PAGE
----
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Group Problem Solving$
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Patrick R. Laughlin

Print publication date: 2011

Print ISBN-13: 9780691147918

Published to Princeton Scholarship Online: October 2017

DOI: 10.23943/princeton/9780691147918.001.0001

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Memory and Group Problem Solving

Memory and Group Problem Solving

(p.22) Chapter Three Memory and Group Problem Solving
Group Problem Solving

Patrick R. Laughlin

Princeton University Press

This chapter explores research on group memory, which is important in itself and is also frequently a necessary preliminary process for further group problem solving. Research on group recognition memory indicates that group memory is better than the memory of the average individual. Assigning different information to be learned by different group members is more effective than having all members learn all information. Meanwhile, research on shared versus unshared information indicates that groups are more likely to make correct decisions when they believe they are solving a problem rather than making a judgment. Lastly, research on the common knowledge effect demonstrates that the more group members who know an item of information before discussion, the greater the impact of that information on both group judgment and group choice. This indicates the importance of supportive group memory on tasks that have correct answers which are difficult to demonstrate.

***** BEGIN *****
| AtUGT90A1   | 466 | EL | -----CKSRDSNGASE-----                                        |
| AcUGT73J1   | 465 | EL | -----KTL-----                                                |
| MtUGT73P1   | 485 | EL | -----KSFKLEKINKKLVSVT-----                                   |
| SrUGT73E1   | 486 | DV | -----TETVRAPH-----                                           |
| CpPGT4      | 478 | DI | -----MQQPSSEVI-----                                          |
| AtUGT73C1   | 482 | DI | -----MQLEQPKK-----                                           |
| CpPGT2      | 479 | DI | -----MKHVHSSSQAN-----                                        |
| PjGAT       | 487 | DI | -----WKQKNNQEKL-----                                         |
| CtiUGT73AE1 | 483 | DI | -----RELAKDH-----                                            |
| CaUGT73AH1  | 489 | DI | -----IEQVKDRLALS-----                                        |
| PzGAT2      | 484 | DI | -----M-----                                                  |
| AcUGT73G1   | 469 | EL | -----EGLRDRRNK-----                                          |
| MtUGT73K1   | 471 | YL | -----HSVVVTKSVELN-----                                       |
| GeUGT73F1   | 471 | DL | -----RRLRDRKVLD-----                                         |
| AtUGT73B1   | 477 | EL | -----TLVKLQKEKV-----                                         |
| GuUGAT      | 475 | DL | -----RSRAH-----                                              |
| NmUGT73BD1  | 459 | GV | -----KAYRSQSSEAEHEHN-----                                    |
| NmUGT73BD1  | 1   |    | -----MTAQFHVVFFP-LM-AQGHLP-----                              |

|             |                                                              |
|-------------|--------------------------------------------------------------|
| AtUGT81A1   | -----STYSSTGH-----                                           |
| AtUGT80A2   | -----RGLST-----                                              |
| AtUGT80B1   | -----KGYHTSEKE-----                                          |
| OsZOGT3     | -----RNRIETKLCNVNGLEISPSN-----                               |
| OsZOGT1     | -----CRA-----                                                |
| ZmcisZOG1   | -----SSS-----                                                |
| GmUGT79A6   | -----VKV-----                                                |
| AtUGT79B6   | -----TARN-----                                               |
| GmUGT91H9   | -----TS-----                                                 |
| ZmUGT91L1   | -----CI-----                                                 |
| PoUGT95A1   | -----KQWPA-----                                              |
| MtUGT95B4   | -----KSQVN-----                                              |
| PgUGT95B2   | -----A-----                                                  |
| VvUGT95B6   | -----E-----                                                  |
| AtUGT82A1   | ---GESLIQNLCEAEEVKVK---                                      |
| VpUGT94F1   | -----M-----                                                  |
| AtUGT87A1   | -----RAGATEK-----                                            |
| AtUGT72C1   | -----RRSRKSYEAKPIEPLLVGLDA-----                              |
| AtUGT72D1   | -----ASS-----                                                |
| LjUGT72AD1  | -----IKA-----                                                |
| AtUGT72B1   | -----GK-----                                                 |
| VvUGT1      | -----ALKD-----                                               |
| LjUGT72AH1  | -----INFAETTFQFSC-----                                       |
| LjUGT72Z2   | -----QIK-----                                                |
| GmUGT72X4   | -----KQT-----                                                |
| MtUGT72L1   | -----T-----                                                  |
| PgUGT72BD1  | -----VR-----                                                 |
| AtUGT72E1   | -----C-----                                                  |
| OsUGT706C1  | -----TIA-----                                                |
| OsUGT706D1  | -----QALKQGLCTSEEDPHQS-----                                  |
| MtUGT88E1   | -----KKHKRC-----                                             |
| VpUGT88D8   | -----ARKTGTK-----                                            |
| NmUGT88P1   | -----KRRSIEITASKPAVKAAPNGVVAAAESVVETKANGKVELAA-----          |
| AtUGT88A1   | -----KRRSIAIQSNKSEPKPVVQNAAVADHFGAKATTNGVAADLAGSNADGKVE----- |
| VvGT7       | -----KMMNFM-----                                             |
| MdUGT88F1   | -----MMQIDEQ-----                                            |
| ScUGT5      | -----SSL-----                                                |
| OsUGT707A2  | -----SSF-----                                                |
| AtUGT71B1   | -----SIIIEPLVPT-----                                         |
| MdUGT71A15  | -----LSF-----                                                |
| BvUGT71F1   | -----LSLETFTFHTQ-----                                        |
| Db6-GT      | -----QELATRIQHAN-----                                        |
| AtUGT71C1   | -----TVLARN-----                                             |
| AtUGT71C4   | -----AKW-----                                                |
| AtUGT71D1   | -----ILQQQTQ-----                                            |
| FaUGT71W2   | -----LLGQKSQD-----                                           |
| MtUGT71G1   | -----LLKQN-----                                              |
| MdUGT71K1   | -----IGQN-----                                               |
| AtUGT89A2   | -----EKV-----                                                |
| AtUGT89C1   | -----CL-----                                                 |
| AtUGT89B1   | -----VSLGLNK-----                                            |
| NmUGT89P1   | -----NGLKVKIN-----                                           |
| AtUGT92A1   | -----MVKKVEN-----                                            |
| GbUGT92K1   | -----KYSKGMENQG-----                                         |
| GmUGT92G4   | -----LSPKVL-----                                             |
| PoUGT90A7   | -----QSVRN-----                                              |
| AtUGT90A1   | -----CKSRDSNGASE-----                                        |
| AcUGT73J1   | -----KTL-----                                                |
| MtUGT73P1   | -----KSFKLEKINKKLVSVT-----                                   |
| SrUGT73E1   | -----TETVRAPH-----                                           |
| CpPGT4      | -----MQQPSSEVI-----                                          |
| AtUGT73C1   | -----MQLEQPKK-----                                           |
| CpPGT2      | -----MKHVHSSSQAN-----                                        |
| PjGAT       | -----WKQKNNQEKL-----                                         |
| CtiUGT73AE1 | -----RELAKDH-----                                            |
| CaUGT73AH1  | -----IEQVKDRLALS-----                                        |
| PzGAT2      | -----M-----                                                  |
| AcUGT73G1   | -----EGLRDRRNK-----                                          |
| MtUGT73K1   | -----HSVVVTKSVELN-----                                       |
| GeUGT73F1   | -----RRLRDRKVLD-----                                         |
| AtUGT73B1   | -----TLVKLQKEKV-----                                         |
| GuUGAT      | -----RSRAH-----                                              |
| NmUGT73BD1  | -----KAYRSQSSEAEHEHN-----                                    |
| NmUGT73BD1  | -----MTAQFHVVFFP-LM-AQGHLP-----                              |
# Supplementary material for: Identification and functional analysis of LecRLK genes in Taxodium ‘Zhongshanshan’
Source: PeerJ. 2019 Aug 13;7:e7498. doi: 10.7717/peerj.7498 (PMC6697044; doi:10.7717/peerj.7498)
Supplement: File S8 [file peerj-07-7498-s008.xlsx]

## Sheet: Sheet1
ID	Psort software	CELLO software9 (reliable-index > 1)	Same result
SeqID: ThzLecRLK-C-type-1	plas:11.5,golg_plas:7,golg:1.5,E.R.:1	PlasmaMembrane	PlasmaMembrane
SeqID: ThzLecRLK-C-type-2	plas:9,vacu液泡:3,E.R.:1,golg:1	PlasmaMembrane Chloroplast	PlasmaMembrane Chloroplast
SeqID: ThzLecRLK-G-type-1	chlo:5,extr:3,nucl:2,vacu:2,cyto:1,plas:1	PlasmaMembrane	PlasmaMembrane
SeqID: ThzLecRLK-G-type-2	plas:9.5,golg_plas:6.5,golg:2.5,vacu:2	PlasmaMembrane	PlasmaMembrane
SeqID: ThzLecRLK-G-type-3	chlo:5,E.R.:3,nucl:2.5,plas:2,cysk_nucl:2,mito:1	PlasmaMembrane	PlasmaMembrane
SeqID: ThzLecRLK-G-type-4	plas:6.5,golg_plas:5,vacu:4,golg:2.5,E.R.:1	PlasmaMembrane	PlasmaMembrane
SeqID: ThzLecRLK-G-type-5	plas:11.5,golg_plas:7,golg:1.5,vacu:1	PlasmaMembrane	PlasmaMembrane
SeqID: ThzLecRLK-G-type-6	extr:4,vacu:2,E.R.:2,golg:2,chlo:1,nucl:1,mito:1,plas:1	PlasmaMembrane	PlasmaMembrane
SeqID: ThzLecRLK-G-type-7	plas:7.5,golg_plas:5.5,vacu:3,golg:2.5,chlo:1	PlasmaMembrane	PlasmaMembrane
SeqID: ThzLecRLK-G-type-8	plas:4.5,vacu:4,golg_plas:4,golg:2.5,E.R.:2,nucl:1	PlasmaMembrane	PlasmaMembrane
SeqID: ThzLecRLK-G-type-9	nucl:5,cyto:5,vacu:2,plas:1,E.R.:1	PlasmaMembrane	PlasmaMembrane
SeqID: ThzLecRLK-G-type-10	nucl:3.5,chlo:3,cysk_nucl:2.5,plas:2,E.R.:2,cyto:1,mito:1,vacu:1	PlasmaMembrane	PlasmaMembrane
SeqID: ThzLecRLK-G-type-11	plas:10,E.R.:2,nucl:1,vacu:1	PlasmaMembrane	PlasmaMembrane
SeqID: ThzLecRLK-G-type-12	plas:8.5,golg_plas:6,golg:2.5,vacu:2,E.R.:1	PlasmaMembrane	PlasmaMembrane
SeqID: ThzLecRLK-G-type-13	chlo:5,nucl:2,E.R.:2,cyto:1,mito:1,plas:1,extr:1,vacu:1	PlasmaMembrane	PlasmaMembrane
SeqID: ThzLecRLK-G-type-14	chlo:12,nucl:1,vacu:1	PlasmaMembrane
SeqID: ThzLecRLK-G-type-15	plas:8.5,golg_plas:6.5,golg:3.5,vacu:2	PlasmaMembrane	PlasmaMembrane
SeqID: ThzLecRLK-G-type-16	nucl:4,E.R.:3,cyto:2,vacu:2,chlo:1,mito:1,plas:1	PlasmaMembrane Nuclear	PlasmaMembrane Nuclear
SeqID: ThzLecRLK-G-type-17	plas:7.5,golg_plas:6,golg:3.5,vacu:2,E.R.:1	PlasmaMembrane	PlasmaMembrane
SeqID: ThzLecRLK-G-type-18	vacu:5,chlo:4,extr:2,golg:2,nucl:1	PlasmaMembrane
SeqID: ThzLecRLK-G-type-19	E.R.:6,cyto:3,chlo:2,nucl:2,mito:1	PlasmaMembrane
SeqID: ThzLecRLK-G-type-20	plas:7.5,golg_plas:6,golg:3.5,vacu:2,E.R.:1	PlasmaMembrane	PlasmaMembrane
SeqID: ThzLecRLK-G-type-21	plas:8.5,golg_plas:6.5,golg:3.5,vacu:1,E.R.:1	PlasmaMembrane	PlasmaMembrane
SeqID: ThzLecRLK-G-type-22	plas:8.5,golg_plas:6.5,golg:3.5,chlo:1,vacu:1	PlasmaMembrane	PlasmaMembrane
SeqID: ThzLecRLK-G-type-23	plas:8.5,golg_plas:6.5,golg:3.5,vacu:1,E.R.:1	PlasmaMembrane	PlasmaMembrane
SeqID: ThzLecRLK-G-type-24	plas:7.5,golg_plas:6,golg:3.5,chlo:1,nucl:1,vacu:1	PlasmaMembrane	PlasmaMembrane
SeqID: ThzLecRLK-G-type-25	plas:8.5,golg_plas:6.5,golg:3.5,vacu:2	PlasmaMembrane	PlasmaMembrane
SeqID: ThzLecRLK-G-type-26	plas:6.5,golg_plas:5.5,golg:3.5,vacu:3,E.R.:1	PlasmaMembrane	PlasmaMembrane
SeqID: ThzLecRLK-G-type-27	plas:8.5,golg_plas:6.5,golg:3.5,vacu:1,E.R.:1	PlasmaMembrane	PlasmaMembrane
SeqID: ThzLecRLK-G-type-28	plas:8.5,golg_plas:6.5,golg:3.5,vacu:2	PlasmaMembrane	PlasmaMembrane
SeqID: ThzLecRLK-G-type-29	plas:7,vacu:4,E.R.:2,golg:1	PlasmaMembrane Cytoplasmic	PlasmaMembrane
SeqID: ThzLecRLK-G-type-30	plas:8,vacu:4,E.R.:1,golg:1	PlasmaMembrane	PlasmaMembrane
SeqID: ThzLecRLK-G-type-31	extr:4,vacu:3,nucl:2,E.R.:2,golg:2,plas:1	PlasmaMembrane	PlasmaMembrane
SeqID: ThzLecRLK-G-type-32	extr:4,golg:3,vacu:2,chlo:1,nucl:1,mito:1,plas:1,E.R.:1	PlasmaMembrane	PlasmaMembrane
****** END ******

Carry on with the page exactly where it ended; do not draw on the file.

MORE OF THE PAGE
Keywords:   group memory, group problem solving, group recognition memory, common knowledge effect, group judgment, group choice, supportive group memory

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